But there will be others, even those who were formally Christians, who were not serving Him – because no matter how many times they said the Creed, how could they possibly have been following Jesus and then have treated people like that?
That is why, in the End, “many who were first shall be last, and the last first.” Wherever you and I wind up, we may be very surprised to see who is there with us!
Who are the sick, the lonely, the poor, the hungry, the helpless, the hopeless, the refugees, the abandoned ones – so many needy people with so many kinds of needs? Certainly the ones “over there”: the starving, the innocent victims of war. (Please contribute to International Orthodox Christian Charities.) There are also needy people near us: wives, husbands, children, family, friends, co-workers, even bosses, clergy, our bishops. Sometimes it’s the ones closest to us that we miss. Perhaps all they need is a smile or a kind word or that we just listen to them. What’s asked of us is often not difficult.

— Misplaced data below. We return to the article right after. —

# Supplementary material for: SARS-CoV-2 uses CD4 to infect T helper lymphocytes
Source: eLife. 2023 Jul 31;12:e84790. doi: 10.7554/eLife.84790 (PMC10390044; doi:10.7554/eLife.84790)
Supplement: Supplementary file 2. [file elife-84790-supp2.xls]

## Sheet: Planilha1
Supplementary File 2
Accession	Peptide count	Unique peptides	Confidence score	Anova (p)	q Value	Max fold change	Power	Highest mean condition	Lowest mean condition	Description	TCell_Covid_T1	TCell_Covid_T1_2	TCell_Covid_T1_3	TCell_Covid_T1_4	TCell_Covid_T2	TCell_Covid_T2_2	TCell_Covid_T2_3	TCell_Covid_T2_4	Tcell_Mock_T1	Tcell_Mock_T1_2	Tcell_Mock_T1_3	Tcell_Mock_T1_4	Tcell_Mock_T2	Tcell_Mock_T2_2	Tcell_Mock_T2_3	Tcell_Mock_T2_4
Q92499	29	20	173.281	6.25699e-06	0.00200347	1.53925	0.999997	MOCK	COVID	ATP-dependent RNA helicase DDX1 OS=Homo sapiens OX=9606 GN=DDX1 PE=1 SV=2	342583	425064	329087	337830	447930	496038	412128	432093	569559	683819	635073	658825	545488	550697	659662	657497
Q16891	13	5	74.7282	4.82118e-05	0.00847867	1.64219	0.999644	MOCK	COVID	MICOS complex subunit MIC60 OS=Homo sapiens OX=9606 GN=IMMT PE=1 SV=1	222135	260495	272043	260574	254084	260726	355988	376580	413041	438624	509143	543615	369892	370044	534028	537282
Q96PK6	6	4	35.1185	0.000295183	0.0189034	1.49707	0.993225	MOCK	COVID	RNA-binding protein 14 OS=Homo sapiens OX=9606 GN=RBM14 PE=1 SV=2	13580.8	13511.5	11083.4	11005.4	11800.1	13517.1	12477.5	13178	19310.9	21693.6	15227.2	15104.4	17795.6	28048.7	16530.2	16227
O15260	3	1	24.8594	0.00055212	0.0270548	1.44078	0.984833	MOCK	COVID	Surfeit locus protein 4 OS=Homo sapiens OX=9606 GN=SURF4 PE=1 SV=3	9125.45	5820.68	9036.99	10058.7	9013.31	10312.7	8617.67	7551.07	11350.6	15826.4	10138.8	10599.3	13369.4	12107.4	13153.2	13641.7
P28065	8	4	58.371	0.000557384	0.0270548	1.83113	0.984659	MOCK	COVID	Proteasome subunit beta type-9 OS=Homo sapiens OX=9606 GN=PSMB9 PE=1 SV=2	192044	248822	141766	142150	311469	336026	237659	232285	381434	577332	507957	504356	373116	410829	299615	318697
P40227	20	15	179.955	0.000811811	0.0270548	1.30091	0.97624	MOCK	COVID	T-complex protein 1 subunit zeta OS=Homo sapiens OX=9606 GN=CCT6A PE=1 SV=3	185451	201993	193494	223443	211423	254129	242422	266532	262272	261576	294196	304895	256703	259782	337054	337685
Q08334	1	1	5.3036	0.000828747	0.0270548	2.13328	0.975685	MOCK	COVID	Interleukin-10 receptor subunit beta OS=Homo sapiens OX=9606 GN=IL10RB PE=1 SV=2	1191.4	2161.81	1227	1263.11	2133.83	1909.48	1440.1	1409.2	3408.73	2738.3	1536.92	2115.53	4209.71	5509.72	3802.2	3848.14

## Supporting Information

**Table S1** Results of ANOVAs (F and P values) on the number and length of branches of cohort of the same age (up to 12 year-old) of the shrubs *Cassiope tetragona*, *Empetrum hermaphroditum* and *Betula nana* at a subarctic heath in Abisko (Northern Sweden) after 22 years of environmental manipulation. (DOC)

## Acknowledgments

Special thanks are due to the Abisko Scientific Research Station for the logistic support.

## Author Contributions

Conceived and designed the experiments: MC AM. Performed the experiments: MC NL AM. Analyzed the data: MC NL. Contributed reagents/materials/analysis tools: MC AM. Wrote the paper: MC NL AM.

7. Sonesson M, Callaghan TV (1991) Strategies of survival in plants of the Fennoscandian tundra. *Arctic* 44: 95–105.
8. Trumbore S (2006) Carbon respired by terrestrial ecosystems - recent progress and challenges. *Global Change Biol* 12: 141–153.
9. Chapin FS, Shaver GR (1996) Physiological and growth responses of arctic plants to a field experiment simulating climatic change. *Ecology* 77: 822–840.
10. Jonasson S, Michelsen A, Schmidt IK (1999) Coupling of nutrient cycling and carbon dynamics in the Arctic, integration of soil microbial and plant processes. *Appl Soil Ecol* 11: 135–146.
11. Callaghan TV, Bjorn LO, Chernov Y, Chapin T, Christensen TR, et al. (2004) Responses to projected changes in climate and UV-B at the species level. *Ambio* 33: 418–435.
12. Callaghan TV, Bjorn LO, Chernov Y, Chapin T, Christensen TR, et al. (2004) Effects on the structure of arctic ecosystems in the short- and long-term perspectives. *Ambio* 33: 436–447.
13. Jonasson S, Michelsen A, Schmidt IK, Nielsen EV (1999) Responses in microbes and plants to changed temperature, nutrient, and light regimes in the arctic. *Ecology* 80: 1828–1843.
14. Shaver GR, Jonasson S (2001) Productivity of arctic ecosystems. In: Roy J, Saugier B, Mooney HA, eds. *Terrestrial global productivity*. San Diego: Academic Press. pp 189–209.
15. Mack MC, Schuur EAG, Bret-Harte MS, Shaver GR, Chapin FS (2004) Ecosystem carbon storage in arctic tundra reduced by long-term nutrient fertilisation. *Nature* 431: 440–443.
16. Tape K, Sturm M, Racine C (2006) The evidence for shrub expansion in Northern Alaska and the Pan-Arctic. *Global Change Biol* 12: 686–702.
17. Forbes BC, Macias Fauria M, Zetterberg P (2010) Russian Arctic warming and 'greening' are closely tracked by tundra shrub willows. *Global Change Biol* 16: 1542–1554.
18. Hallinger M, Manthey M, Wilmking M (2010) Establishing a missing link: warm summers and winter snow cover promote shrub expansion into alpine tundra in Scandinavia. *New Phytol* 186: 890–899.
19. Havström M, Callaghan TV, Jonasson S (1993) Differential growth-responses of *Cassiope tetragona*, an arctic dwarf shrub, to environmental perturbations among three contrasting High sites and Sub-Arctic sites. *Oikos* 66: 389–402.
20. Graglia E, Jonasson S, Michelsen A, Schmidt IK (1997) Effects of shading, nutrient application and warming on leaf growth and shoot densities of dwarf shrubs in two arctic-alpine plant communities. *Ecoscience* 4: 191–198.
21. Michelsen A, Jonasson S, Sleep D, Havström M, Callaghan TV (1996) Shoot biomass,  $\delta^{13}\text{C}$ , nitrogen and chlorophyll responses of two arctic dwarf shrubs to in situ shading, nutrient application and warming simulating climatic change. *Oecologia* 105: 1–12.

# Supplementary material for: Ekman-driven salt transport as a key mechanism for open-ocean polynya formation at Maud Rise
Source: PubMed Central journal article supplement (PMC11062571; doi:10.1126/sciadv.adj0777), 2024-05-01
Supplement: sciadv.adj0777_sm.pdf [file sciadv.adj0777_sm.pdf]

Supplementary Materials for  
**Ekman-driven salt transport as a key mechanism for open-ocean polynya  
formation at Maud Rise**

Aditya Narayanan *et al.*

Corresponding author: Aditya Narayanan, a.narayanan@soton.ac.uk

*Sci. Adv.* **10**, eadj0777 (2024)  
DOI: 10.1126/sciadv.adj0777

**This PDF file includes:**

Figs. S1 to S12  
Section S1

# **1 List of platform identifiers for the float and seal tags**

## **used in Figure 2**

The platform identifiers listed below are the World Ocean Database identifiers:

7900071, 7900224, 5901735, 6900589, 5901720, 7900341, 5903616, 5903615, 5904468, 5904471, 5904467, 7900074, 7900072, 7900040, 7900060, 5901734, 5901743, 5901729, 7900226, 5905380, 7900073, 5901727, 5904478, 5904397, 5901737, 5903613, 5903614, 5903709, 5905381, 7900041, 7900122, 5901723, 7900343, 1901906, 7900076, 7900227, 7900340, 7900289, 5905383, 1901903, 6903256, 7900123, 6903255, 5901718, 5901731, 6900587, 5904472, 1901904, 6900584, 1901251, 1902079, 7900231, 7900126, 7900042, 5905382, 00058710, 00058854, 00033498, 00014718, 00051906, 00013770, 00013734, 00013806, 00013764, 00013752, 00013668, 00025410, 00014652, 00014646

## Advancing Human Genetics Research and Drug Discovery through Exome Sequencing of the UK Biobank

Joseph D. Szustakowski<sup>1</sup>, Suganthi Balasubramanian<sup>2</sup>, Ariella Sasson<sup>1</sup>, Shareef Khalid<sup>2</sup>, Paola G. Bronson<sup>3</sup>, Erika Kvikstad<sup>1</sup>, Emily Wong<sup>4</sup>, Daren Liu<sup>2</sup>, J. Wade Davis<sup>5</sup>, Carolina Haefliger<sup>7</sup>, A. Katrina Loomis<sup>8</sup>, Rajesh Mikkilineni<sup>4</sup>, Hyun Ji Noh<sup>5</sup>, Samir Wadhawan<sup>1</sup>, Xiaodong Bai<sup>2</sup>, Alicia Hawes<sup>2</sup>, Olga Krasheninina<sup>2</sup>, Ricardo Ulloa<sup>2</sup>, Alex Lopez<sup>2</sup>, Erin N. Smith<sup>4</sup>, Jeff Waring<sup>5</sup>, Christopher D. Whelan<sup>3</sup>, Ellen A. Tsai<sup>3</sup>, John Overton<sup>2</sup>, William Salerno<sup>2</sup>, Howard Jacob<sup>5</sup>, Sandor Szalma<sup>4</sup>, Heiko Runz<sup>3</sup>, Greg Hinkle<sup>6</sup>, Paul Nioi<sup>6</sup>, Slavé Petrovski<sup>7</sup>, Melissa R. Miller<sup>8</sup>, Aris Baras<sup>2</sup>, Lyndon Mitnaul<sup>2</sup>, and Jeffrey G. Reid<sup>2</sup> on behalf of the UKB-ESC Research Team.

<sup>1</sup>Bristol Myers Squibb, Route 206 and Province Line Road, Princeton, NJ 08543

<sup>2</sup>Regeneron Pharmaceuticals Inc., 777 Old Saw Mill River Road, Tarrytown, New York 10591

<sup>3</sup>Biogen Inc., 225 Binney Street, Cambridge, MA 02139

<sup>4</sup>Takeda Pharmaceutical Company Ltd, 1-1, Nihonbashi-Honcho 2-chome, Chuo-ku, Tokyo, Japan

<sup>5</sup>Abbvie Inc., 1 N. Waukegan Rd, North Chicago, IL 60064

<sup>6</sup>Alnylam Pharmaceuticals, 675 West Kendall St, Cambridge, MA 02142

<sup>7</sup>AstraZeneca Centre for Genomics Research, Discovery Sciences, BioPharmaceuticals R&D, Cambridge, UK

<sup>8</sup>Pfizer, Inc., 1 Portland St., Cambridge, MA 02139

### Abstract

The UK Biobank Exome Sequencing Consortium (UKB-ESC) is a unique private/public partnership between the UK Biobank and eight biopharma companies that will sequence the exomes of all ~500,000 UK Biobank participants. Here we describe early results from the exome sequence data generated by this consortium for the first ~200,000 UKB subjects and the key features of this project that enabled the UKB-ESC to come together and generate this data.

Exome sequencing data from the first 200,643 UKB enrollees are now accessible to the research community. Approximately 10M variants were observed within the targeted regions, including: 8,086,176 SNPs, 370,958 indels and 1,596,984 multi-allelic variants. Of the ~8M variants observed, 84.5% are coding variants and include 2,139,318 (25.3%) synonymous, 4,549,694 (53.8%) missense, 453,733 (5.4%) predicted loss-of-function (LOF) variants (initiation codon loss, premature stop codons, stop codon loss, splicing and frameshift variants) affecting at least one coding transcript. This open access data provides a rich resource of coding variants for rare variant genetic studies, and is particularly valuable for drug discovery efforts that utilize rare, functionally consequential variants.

So during Great Lent, form the habit of looking around you and see who are in need. Will you choose now to help them, as best you can? Or will you choose now to ignore them?
Remember: The time will come when you will have chosen.
Next Week: Last Sunday of Pre-Lent: Cheesefare Sunday: Forgiveness Sunday
Week after Next: First Sunday of Great Lent